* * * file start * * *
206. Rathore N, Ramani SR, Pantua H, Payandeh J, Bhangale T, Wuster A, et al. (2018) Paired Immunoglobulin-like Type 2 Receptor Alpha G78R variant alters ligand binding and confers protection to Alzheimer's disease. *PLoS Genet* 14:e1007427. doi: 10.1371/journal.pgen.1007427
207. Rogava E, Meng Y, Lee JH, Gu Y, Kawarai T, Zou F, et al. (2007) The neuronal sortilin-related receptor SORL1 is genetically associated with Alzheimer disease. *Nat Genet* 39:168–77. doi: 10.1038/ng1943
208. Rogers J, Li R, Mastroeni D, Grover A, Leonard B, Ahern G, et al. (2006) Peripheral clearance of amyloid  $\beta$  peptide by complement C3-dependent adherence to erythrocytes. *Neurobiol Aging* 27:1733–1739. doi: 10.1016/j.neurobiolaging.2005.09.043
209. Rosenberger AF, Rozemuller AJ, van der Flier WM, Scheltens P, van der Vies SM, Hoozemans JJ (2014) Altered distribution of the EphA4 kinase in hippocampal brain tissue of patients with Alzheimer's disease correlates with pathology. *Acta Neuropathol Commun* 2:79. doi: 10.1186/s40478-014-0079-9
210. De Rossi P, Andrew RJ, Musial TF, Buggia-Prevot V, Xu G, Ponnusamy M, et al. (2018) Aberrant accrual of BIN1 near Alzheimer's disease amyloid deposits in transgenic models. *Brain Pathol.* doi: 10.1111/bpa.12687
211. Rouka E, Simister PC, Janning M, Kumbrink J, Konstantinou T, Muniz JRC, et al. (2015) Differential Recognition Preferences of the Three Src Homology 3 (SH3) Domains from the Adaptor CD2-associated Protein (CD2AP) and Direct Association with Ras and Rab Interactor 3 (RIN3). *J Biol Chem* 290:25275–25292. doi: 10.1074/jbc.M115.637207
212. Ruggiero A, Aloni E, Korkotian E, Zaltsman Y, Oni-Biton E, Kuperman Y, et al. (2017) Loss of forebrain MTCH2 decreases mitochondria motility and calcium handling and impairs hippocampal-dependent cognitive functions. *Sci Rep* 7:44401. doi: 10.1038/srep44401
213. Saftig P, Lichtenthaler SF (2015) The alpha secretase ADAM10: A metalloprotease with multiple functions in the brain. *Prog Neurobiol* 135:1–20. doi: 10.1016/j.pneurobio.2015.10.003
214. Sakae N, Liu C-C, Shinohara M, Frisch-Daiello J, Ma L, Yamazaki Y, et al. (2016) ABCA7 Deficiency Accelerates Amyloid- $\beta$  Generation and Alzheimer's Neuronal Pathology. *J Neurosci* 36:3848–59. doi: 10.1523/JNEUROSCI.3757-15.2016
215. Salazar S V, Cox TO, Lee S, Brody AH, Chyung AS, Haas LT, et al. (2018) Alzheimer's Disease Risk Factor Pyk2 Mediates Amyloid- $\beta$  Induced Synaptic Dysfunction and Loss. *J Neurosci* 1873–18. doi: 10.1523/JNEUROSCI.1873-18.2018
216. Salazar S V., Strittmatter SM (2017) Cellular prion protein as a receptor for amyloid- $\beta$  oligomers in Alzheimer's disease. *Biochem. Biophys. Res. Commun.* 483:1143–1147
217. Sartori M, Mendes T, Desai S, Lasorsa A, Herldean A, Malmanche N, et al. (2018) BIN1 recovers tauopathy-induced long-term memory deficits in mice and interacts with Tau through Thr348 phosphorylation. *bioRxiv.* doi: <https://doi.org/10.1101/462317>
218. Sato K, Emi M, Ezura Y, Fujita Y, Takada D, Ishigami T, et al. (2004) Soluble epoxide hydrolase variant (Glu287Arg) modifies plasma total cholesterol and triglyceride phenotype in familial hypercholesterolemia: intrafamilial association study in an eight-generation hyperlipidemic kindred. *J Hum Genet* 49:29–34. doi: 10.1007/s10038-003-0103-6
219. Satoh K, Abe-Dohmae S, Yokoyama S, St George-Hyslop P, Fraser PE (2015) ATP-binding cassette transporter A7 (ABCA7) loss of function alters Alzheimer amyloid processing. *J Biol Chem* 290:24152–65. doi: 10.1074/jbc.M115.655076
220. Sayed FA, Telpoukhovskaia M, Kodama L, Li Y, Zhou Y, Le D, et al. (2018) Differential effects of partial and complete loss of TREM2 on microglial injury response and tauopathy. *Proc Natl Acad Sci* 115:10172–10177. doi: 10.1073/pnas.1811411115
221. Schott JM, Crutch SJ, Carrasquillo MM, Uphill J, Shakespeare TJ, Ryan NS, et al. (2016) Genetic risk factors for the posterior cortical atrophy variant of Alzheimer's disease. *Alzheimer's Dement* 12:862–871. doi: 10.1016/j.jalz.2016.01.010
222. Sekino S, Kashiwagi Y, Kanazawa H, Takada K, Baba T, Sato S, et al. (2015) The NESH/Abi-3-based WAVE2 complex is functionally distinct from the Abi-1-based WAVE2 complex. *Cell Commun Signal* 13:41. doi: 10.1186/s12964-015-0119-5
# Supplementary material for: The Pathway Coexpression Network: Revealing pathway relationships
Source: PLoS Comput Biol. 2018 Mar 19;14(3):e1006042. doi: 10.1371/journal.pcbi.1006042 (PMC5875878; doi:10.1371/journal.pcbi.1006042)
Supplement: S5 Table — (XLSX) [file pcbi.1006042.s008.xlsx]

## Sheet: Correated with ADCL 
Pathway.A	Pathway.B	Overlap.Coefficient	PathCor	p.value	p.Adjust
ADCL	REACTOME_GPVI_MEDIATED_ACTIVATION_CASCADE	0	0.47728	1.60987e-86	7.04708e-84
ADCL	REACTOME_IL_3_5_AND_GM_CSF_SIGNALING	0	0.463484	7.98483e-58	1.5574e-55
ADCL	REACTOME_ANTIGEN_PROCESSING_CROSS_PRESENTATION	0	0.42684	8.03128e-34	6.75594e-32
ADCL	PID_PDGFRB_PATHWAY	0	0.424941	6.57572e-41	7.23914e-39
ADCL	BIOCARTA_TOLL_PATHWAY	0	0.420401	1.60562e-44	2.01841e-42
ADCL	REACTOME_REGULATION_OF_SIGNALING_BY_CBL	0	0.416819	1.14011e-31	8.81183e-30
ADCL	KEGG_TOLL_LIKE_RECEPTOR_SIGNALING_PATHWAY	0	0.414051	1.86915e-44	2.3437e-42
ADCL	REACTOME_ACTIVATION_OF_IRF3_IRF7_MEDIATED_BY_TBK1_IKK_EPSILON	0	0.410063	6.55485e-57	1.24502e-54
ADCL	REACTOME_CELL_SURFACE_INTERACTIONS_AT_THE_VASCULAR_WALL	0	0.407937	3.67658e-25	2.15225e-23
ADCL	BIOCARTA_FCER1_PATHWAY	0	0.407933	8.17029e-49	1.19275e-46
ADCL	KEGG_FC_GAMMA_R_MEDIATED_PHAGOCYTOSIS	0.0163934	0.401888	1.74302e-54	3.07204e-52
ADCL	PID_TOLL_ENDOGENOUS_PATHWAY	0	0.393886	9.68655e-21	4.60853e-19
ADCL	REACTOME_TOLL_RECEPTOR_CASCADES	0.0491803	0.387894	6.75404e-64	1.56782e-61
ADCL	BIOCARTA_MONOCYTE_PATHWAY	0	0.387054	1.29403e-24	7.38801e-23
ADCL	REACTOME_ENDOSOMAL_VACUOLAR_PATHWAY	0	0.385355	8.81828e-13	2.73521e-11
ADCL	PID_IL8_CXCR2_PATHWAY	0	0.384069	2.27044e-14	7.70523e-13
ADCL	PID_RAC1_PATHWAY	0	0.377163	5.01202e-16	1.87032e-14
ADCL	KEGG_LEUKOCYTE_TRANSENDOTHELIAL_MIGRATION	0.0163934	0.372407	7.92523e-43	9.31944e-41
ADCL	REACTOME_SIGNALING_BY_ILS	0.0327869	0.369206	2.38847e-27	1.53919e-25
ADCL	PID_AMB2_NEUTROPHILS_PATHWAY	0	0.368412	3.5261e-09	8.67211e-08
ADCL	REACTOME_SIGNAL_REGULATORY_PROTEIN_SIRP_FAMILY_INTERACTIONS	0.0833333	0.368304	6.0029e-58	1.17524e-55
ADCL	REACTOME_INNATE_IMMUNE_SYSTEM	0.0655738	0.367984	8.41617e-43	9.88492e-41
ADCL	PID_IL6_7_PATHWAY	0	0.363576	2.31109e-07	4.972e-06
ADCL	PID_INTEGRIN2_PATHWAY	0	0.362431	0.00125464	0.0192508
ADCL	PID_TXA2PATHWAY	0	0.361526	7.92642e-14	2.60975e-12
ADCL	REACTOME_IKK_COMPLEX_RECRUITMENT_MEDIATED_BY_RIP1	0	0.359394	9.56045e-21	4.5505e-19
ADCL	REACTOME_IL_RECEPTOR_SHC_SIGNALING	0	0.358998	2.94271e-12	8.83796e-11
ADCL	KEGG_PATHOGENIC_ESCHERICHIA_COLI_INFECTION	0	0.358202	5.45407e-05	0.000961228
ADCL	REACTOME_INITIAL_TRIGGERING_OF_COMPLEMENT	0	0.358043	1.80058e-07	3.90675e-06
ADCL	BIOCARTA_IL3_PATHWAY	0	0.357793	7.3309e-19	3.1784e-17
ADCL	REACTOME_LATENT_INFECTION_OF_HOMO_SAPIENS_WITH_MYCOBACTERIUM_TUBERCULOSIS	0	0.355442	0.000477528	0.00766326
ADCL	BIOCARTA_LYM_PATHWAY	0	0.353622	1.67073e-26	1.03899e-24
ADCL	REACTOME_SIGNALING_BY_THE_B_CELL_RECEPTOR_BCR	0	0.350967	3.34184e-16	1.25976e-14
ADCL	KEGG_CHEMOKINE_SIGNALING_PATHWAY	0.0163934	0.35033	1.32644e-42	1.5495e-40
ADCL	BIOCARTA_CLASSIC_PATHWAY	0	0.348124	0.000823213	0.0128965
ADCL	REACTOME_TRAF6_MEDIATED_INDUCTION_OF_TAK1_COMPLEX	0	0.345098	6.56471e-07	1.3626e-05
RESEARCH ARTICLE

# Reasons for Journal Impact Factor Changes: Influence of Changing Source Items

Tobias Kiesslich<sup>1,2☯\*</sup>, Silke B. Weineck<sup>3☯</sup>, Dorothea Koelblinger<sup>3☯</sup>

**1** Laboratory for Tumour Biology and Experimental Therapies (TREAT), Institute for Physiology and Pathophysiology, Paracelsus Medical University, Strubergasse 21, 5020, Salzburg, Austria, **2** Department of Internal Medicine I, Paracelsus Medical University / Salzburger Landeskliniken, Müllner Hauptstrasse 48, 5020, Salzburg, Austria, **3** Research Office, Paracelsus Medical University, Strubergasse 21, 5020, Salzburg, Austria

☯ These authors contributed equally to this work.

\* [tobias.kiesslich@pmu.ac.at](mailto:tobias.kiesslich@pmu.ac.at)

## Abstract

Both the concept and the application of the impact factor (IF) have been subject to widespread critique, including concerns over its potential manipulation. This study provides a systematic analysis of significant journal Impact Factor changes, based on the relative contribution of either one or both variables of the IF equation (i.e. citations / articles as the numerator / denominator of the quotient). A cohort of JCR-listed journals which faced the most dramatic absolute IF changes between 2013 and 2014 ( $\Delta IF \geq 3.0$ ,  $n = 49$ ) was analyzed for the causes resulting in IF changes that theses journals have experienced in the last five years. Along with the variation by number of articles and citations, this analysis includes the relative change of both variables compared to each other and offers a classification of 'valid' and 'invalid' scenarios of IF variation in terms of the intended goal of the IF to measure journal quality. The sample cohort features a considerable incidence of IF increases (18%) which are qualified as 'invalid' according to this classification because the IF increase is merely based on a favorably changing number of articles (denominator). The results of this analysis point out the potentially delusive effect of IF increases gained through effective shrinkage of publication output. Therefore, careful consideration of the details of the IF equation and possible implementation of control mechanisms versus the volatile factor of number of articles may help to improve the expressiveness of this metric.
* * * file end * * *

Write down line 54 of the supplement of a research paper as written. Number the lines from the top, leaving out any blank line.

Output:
ADCL	BIOCARTA_LYM_PATHWAY	0	0.353622	1.67073e-26	1.03899e-24